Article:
Anand Nair headshot

Anand Nair, professor of operations and supply chain management

Recessions seem to be an inevitable part of the business cycle, with a downturn happening every five years on average since World War II. Despite their regularity, recessions are not an easy circumstance for business leaders to bear.

Decisions made during economic downturns can have life-or-death impacts on a business, closing the doors permanently or allowing a business to flourish amid chaos. As we enter the latest recession brought on by the COVID-19 global pandemic, what are the strategic decisions business leaders should — or should not — be making?

New research from Michigan State University, the University of Melbourne and Monash University answers this question, providing insights into different strategic decisions made during recessions and how they can impact business performance for the manufacturing sector.

“Our study considered the context of a recession presented by the financial meltdown circa 2008–2012,” Anand Nair, professor of operations and supply chain management and lead researcher, said. “This recession showed mixed outcomes in terms of how plants dealt with uncertainty — some plants closed while others were able to perform strongly. We wanted to understand these dynamics and help plants respond better to uncertainties.”

The research paper, “Withstanding the Economic Recession: Examining the Efficacy of Manufacturing Strategy Alignment and Process Integration,” was published in the August issue of the International Journal of Production Economics. Prakash J. Singh, professor of management at the University of Melbourne, Ananya Bhattacharya, scholarly teaching fellow of management at Monash University, and Sukrit Pal, Broad operations and sourcing management doctoral student, coauthored the paper alongside Nair.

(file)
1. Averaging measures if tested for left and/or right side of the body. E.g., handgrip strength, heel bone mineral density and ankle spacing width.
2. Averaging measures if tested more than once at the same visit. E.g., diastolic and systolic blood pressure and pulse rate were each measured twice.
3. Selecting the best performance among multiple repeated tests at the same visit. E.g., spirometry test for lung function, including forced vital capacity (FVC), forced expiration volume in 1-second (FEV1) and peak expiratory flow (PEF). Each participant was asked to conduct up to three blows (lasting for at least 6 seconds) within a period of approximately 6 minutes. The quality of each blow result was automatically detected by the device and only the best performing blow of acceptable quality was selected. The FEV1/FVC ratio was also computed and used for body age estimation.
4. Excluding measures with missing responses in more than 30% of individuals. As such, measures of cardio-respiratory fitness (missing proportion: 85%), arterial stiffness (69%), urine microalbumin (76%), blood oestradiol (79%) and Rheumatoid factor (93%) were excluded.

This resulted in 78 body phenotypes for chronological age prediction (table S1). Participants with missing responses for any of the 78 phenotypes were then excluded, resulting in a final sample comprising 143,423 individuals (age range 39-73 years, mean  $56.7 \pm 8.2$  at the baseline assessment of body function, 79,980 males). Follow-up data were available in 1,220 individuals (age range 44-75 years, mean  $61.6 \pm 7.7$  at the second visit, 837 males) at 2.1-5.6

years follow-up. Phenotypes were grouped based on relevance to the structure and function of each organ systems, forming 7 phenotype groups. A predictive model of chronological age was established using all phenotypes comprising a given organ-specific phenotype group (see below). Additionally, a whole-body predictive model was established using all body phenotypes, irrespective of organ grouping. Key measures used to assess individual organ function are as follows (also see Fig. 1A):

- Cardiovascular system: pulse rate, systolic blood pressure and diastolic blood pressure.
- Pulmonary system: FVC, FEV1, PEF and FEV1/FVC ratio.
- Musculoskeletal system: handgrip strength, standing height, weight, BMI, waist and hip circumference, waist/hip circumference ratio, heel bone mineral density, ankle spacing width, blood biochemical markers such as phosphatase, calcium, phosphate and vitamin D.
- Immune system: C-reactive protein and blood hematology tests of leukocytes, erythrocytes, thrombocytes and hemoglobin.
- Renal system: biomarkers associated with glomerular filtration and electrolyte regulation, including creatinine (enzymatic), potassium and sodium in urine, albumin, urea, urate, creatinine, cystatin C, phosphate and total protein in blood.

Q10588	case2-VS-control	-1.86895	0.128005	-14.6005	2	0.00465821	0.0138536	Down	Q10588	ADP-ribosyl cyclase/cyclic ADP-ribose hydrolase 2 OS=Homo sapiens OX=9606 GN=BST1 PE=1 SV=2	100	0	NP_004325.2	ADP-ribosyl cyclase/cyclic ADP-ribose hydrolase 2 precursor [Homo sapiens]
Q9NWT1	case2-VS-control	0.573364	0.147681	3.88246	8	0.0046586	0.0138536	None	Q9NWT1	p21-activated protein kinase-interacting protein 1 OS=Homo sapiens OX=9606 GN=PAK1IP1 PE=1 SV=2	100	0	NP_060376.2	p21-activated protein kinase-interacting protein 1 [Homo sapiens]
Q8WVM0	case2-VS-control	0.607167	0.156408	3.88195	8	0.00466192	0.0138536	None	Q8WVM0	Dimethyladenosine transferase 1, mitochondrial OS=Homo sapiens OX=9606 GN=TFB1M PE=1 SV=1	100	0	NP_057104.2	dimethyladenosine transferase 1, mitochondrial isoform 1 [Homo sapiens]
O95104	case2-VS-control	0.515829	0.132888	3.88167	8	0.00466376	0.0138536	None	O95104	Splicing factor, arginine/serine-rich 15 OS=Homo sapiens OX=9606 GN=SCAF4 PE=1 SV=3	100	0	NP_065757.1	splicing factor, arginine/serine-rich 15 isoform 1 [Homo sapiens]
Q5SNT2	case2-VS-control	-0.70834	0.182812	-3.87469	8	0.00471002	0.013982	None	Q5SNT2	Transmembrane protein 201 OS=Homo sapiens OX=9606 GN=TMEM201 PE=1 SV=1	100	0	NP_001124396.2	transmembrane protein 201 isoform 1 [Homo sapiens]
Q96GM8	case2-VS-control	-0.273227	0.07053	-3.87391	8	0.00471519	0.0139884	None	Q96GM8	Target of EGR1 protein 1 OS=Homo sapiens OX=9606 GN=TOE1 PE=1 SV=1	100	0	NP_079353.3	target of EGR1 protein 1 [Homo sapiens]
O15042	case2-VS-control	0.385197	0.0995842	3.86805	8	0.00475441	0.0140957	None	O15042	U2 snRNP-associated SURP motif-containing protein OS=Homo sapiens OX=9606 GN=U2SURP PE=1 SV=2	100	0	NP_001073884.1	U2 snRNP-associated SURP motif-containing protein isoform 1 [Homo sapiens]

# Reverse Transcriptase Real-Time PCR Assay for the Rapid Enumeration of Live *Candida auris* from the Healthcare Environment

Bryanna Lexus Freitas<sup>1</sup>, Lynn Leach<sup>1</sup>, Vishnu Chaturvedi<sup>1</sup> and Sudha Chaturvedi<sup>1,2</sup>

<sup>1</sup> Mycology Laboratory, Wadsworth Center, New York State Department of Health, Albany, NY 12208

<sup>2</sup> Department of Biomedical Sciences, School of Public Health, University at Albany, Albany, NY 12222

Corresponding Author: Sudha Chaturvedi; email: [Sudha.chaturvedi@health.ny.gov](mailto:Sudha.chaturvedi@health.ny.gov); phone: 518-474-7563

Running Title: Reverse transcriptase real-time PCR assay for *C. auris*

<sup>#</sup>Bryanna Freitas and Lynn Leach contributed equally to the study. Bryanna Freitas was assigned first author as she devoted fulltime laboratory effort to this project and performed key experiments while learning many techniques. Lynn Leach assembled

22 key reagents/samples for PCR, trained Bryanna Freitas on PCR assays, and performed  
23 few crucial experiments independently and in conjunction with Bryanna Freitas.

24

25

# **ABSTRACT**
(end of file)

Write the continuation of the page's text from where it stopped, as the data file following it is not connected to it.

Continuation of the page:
The team examined performance data from the most recent recessionary period for 514 manufacturers from 21 industries, spanning 14 countries. Specifically, the researchers compared decisions tied to manufacturing strategy alignment versus those tied to process integration and how they influence cost, quality, delivery and flexibility performances.

Alignment vs. integration

Strategic alignment and process integration are methods that can ultimately lead businesses to have synergies, attain competitive capabilities and mobilize resources quickly towards unified goals. Although they are similar and can even impact one another, alignment and integration stand alone in terms of their scope and implications, leading the researchers to some mixed results.

They found that when firms pursue alignment during a recession — by syncing corporate and manufacturing strategies — quality is improved in the short term, but delivery, flexibility and cost are not. Alignment isn’t easily attained during resource-restricted times of an economic downturn, and there can be operational roadblocks to overcome, too.

“The manufacturing function needs to have adequate say in corporate policy, which very often is not the case,” Nair said. “This is mainly due to a perception in many organizations that manufacturing is much more of a tactical function (as compared to, say, finance and marketing). The tactical view limits clarity on strategic objectives to be set for manufacturing, and often manufacturing takes place without an assessment of existing capabilities of an organization.